If you'd like to learn more about loan-to-value (LTV) ratios then visit our dedicated pages:
Before looking for any mortgage, it’s a good idea to check what is on your credit reference agency file to see if you have any credit problems.
You should also avoid making lots of applications for different mortgages, as these searches will affect your credit rating.
One option is to speak to your current account provider to see what mortgages they offer to someone with your credit history. If they have no products suitable for you, then at least you can avoid having your application rejected.
It's also important to compare a wide range of mortgages to find the best deal for you - taking into account fees and charges, as well as the interest rate you will pay.
If your credit rating has worsened since you took out your existing mortgage, it may prove cheaper to stick with your current lender than to remortgage on to a bad credit deal.
Even if you are paying your lender’s standard variable rate (SVR), remortgaging with bad credit could mean having to pay a higher interest rate to another lender. So, you may be best off staying put until your credit score has improved - especially once you take exit and booking fees into account.
If you think you will be better off by remortgaging despite having a bad credit score, the process is the same as applying for your first bad credit mortgage. However, you are likely to be in a better position as you should have at least some equity in your home to boost your deposit.
As with standard mortgages, the amount you can borrow on a bad credit mortgage will depend on your income, for example your salary, and how much of that goes towards paying for essentials such as utility bills and food, as well as any other debt repayments. You can find out more about how lenders decide how much you can borrow with a mortgage with our quick guide.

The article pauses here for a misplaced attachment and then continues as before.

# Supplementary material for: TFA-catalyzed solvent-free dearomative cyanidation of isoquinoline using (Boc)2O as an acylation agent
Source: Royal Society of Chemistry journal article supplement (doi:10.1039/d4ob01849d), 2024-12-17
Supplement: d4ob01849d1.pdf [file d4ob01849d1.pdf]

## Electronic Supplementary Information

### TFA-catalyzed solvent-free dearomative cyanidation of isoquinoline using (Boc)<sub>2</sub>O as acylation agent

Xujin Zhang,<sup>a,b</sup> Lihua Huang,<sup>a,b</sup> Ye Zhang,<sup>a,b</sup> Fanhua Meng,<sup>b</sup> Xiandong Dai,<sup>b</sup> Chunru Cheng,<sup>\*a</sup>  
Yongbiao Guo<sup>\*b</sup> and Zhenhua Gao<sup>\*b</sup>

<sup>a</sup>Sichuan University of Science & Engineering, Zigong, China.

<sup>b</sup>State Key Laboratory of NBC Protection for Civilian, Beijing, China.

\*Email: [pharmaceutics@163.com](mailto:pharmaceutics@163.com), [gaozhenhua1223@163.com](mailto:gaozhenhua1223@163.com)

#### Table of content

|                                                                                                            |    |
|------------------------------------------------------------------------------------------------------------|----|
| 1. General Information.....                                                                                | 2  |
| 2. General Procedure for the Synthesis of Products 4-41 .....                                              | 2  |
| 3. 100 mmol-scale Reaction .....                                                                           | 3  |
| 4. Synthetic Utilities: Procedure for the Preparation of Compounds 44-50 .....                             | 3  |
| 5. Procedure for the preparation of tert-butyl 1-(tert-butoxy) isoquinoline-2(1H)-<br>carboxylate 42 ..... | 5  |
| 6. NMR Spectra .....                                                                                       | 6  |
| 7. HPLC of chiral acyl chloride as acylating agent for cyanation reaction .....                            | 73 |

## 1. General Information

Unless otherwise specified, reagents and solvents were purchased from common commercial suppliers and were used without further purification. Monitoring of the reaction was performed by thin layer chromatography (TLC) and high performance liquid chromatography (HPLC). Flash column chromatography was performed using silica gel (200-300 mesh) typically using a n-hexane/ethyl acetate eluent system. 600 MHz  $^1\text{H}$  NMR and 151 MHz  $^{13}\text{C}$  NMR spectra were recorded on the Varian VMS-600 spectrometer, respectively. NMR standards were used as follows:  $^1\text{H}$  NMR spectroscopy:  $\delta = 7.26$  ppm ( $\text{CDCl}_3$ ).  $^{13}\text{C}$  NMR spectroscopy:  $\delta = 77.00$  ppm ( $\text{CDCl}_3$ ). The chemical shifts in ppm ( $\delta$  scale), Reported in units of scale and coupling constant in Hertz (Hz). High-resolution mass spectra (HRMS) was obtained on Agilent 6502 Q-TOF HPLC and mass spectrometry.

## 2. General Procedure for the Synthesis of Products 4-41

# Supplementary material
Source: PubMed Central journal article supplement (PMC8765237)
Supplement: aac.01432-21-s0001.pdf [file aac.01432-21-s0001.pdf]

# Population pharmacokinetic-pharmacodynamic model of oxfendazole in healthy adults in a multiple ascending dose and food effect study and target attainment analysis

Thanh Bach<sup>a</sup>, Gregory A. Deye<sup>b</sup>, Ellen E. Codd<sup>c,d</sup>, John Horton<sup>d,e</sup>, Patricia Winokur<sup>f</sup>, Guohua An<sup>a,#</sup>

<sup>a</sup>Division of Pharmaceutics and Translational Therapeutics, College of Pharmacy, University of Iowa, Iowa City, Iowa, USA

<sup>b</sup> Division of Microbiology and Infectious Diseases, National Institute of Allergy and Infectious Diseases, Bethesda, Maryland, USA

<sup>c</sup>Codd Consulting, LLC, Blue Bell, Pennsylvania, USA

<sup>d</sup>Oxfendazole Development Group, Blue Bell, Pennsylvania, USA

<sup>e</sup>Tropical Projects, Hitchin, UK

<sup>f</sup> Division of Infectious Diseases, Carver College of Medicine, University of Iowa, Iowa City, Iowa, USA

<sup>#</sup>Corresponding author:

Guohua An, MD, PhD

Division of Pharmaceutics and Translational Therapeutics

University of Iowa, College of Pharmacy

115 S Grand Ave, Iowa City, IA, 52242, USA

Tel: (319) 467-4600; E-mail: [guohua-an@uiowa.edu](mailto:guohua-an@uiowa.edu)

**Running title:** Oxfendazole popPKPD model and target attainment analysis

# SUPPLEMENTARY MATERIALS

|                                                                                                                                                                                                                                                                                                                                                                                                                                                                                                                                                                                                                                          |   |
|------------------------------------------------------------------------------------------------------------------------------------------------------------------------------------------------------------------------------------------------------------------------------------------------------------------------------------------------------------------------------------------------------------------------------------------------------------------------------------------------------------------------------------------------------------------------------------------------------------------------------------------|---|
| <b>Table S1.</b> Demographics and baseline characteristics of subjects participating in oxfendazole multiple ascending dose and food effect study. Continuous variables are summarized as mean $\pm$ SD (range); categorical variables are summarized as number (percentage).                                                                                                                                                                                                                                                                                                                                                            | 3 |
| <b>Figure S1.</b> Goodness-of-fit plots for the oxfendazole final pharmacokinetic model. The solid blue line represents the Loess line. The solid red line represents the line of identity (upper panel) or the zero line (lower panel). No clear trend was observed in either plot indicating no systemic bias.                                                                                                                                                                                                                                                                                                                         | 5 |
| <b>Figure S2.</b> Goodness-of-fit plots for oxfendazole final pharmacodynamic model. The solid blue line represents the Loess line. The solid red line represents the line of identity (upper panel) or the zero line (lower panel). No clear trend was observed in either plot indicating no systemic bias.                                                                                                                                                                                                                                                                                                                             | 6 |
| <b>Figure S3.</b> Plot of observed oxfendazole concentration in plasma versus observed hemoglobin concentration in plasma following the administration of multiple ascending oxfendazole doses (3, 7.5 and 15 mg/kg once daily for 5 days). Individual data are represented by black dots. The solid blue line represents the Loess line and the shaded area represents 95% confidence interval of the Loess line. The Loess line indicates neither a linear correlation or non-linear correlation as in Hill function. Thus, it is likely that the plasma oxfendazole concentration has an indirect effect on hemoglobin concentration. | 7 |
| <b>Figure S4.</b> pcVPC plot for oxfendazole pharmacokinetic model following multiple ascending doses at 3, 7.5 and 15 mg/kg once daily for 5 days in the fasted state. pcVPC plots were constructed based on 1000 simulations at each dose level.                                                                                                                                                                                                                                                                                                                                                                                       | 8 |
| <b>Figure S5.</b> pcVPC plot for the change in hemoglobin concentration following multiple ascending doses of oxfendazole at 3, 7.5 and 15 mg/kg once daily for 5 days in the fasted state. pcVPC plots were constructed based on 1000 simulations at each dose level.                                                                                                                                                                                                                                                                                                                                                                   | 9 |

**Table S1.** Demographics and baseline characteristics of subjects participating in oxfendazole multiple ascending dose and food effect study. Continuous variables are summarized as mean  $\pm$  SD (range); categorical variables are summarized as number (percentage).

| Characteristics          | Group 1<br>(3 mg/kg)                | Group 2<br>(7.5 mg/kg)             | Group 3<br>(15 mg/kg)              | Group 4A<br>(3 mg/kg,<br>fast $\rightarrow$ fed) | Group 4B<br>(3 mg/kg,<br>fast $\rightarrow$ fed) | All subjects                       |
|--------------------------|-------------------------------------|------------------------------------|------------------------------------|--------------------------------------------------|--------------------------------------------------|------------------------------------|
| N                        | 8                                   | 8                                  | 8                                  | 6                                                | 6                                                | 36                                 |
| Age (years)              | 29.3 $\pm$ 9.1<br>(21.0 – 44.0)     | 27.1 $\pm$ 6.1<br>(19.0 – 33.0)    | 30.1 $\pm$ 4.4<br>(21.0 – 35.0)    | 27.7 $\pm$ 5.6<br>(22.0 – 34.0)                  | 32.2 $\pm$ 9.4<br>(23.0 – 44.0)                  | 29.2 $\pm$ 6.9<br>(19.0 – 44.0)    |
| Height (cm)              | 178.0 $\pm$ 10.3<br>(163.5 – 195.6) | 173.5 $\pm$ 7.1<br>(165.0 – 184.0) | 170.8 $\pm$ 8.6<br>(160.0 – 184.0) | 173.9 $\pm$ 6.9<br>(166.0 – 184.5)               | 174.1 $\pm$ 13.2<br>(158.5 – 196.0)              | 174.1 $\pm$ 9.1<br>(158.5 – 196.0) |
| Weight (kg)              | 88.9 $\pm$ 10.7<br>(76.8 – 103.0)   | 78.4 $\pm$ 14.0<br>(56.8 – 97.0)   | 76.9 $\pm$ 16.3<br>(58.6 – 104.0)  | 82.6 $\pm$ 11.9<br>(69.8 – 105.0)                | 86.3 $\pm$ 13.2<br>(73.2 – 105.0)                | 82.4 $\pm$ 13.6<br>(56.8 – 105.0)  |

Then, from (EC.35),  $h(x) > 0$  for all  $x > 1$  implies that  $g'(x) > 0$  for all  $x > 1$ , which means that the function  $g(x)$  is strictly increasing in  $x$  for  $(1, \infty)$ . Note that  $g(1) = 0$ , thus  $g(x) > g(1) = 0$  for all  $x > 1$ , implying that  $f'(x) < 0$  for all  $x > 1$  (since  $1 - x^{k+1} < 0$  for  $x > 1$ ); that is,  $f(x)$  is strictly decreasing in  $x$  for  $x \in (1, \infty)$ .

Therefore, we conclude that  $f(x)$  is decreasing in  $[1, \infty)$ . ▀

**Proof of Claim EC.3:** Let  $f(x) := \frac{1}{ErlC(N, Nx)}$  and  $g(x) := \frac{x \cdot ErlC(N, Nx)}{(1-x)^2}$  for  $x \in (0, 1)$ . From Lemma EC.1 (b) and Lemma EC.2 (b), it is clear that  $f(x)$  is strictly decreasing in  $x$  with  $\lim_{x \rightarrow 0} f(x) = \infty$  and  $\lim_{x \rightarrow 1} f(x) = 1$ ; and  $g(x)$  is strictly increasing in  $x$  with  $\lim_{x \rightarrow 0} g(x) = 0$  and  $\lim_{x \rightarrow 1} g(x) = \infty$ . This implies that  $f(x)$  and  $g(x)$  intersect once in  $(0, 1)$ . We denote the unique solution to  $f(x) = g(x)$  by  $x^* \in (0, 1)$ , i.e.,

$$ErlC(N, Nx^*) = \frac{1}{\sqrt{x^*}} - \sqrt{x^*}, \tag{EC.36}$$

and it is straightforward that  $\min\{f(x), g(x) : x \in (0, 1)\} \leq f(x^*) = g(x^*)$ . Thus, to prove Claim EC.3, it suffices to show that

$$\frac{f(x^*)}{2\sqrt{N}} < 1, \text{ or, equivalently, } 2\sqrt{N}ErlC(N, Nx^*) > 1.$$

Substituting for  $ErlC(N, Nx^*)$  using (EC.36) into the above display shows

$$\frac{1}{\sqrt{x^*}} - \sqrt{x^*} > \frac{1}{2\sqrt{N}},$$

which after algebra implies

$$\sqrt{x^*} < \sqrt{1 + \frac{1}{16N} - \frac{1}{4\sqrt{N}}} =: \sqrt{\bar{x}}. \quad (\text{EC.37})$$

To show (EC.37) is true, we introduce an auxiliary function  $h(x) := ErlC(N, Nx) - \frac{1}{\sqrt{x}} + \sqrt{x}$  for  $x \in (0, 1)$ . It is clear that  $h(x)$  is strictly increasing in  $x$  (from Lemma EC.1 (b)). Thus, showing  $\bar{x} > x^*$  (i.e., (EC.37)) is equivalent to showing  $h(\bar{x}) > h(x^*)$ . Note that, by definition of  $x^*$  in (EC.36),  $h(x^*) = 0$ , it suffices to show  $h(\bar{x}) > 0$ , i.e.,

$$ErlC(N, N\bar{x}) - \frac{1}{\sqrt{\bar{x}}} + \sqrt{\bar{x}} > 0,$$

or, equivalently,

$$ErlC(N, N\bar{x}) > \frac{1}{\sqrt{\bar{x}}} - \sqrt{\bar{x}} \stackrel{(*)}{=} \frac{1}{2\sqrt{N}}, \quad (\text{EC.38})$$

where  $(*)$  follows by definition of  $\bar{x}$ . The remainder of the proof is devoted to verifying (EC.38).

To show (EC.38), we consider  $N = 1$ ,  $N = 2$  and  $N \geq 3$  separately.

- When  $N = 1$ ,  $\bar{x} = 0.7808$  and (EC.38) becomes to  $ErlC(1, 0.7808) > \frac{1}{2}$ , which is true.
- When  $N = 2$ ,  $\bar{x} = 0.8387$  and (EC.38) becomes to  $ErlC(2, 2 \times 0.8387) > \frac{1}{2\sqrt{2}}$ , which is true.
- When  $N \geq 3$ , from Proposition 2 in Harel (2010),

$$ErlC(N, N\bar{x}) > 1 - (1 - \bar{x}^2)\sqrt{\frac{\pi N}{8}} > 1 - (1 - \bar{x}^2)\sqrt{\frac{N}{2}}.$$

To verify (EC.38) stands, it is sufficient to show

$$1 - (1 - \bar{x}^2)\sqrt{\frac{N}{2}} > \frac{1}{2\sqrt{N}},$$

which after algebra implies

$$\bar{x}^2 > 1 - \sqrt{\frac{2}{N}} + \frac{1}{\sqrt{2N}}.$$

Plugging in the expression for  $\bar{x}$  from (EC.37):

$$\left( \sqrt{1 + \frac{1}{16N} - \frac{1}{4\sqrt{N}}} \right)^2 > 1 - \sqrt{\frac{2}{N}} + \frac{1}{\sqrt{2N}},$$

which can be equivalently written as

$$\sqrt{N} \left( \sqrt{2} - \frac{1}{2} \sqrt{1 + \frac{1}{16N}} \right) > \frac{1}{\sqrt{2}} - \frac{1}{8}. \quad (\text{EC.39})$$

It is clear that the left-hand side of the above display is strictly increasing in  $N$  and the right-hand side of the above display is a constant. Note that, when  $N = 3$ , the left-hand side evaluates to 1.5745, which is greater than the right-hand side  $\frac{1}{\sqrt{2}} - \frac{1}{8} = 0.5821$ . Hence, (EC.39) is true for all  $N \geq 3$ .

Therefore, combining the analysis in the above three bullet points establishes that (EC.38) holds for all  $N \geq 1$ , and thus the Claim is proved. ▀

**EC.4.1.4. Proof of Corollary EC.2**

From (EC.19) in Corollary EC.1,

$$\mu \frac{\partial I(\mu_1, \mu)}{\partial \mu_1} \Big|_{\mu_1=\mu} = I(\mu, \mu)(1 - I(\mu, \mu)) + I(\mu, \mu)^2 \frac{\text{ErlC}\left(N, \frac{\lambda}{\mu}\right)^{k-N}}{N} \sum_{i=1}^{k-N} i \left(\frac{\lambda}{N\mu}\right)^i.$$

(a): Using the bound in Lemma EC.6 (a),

Ways to improve your credit rating - and potentially increase your chances of being approved for a bad credit mortgage - include:
Make sure you're on the electoral roll
Pay your bills on time and in full
Consider using a credit builder credit card to improve your credit rating
Think about taking out a guarantor loan
Check your credit report regularly to make sure all the information is correct. If you notice any errors, contact the relevant lender and ask for them to be corrected
Each mortgage provider will have their own criteria for eligibility, but generally these amendments to your personal finance habits could help improve your score.
However even if you do all these things, there is no guarantee that your credit score will improve enough to be approved for a bad-credit mortgage. It takes time for your credit score to recover if you have been rejected multiple times or missed multiple repayments.
Find out more about credit reports, and see if your score can tell you more about your finances and what you can do to improve your credit rating.
Checking your credit score could save you damaging your credit rating even more by being rejected for a bad credit mortgage.
Use our comparison table to find a credit reference agency that can show you your credit report and score.